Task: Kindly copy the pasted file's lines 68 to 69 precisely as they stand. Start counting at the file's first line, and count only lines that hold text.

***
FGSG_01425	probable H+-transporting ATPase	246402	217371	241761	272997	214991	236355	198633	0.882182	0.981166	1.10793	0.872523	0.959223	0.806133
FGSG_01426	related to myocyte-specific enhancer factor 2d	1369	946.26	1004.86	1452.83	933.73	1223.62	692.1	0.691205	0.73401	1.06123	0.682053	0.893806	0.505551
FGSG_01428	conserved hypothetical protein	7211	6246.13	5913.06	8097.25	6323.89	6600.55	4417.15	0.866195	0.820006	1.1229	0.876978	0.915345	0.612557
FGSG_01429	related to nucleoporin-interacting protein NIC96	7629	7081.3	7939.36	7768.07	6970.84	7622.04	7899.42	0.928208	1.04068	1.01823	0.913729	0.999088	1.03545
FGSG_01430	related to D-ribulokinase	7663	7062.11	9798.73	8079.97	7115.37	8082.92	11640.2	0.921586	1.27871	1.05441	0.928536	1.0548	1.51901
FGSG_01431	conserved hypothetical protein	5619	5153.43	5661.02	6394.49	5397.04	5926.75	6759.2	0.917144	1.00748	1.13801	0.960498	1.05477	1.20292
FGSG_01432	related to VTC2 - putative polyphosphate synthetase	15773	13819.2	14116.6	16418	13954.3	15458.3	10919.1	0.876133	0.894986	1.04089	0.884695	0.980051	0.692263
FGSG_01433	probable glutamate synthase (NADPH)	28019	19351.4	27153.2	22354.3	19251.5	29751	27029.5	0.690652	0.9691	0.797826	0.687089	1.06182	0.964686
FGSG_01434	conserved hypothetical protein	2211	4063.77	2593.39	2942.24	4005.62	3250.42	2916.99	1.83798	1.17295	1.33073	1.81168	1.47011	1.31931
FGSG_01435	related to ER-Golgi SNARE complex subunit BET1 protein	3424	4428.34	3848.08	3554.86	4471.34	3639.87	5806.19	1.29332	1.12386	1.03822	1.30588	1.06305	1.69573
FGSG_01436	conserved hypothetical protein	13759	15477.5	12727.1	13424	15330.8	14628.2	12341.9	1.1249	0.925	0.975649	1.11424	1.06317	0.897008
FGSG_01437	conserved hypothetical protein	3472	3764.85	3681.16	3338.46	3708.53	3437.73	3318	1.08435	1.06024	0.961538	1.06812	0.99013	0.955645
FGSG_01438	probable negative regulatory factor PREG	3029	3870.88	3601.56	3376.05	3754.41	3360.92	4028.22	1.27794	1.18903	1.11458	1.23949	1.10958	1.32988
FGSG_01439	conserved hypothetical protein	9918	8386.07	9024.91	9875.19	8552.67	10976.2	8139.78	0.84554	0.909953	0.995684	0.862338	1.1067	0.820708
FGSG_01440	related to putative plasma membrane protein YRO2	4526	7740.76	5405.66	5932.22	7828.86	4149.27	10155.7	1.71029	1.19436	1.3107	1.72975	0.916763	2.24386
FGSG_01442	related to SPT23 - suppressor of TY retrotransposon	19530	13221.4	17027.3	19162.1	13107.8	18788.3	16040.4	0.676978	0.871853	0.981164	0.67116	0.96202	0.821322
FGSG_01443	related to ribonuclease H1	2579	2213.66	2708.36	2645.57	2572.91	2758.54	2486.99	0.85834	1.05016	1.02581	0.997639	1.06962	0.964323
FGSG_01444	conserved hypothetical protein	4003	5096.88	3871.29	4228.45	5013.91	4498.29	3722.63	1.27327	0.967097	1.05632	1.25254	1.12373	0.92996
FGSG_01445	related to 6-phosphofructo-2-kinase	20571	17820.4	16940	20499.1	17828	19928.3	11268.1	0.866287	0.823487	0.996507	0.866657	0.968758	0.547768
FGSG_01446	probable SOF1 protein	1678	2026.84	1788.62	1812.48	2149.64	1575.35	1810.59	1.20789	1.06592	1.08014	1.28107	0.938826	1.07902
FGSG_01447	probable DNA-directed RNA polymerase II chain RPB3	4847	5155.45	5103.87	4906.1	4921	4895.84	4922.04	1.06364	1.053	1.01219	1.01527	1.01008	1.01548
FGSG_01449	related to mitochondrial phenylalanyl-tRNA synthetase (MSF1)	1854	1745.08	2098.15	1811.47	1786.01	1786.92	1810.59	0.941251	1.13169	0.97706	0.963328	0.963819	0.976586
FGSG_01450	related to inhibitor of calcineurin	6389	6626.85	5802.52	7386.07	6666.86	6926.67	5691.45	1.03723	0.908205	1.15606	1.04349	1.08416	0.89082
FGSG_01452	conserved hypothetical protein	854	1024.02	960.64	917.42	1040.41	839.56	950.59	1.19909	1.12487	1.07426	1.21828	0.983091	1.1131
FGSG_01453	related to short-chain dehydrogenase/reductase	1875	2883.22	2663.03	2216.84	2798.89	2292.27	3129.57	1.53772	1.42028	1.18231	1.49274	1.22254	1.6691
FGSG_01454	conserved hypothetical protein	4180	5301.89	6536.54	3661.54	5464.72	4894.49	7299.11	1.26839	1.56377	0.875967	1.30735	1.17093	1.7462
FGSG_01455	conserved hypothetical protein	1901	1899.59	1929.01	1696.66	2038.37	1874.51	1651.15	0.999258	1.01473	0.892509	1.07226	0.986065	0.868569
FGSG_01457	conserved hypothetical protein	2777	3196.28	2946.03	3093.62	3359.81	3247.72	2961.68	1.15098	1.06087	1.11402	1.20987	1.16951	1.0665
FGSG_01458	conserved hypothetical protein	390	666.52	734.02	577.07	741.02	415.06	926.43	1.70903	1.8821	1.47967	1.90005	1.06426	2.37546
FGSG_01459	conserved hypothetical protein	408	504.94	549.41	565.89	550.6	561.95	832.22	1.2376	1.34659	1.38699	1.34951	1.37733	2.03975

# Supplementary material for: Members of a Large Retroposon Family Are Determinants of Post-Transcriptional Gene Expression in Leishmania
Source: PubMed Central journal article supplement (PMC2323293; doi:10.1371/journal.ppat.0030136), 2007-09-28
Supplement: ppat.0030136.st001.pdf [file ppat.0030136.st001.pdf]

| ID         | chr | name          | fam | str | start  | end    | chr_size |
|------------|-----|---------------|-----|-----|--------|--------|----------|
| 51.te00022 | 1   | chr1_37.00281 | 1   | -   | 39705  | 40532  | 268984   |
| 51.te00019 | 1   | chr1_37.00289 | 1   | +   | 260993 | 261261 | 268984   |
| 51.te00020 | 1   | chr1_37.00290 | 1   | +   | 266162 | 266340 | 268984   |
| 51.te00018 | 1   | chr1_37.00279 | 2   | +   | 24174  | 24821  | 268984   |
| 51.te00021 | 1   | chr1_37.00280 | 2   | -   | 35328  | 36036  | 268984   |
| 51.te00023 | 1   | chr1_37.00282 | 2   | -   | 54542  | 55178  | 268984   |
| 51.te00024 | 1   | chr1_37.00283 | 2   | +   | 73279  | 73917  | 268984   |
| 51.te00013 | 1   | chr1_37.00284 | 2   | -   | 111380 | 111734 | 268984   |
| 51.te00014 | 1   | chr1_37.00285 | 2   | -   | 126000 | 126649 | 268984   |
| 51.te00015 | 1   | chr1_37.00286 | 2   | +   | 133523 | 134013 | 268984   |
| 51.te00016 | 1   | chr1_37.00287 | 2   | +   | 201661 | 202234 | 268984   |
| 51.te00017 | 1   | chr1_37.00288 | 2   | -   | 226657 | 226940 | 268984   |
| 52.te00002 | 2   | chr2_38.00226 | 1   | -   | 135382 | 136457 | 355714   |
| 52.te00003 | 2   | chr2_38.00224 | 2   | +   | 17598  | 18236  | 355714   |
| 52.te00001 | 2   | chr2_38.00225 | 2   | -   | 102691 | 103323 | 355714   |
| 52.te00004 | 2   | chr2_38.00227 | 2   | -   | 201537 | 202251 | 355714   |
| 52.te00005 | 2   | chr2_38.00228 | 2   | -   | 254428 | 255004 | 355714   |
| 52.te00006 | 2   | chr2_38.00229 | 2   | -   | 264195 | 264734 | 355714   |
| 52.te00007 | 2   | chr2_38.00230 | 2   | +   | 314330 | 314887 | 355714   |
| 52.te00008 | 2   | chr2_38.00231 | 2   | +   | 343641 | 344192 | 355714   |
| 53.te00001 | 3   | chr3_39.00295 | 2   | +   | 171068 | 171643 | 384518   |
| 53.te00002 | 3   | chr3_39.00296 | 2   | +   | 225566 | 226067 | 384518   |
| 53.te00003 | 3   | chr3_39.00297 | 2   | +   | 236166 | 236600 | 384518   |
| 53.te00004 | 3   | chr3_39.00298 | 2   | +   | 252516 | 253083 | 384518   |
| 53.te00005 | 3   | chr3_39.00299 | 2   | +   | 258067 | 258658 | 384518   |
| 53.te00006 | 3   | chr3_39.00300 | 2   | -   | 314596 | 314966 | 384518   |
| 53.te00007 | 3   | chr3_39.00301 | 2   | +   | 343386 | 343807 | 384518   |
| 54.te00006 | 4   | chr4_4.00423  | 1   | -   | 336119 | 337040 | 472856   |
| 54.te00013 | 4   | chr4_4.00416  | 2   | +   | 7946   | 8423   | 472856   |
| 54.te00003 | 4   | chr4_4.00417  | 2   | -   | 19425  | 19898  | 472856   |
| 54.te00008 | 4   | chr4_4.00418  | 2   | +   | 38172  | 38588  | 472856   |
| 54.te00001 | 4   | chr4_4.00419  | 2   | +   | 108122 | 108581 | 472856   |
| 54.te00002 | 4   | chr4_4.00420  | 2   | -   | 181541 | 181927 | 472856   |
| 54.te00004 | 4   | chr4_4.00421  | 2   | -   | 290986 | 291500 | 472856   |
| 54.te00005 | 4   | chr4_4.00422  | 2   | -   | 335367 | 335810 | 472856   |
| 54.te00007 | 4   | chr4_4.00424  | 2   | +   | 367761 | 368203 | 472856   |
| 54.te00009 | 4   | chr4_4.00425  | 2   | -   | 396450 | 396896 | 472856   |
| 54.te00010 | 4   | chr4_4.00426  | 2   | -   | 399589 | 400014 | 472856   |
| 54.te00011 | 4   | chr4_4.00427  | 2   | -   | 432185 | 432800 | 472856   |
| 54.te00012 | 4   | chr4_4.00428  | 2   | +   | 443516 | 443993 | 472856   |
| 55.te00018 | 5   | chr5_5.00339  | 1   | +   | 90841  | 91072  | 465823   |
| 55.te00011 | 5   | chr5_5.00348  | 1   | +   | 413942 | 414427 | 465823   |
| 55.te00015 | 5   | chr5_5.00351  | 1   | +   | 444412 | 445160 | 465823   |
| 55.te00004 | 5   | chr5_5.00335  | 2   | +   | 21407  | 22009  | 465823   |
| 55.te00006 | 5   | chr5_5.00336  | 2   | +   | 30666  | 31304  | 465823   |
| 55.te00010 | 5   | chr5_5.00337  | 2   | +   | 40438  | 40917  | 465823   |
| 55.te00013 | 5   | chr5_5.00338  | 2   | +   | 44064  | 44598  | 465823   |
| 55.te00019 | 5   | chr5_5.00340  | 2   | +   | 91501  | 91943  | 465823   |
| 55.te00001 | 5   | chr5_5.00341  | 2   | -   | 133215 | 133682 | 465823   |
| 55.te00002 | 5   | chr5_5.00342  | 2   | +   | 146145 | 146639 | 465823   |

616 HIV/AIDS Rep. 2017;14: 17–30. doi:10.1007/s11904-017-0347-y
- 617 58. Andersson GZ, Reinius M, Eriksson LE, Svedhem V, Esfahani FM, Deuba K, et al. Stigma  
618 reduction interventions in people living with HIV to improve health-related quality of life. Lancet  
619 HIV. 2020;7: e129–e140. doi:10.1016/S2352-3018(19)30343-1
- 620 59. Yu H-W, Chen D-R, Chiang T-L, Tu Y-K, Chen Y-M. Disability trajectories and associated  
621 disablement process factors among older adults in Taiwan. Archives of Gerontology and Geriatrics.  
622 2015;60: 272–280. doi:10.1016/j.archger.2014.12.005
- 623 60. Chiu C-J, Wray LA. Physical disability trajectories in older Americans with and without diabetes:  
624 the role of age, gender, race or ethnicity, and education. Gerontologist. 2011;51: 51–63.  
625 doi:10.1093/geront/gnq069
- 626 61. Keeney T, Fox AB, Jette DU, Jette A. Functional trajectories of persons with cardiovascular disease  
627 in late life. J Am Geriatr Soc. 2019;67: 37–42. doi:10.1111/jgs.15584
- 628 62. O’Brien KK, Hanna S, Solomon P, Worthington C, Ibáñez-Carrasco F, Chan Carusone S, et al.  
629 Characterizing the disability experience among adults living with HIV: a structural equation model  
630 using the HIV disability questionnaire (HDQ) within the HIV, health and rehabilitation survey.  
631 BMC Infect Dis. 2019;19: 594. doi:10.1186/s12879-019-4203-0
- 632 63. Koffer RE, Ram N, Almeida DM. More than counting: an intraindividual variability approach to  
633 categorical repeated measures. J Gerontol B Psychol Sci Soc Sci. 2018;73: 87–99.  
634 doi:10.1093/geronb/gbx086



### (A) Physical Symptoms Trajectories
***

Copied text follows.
| 54.te00002 | 4   | chr4_4.00420  | 2   | -   | 181541 | 181927 | 472856   |
| 54.te00004 | 4   | chr4_4.00421  | 2   | -   | 290986 | 291500 | 472856   |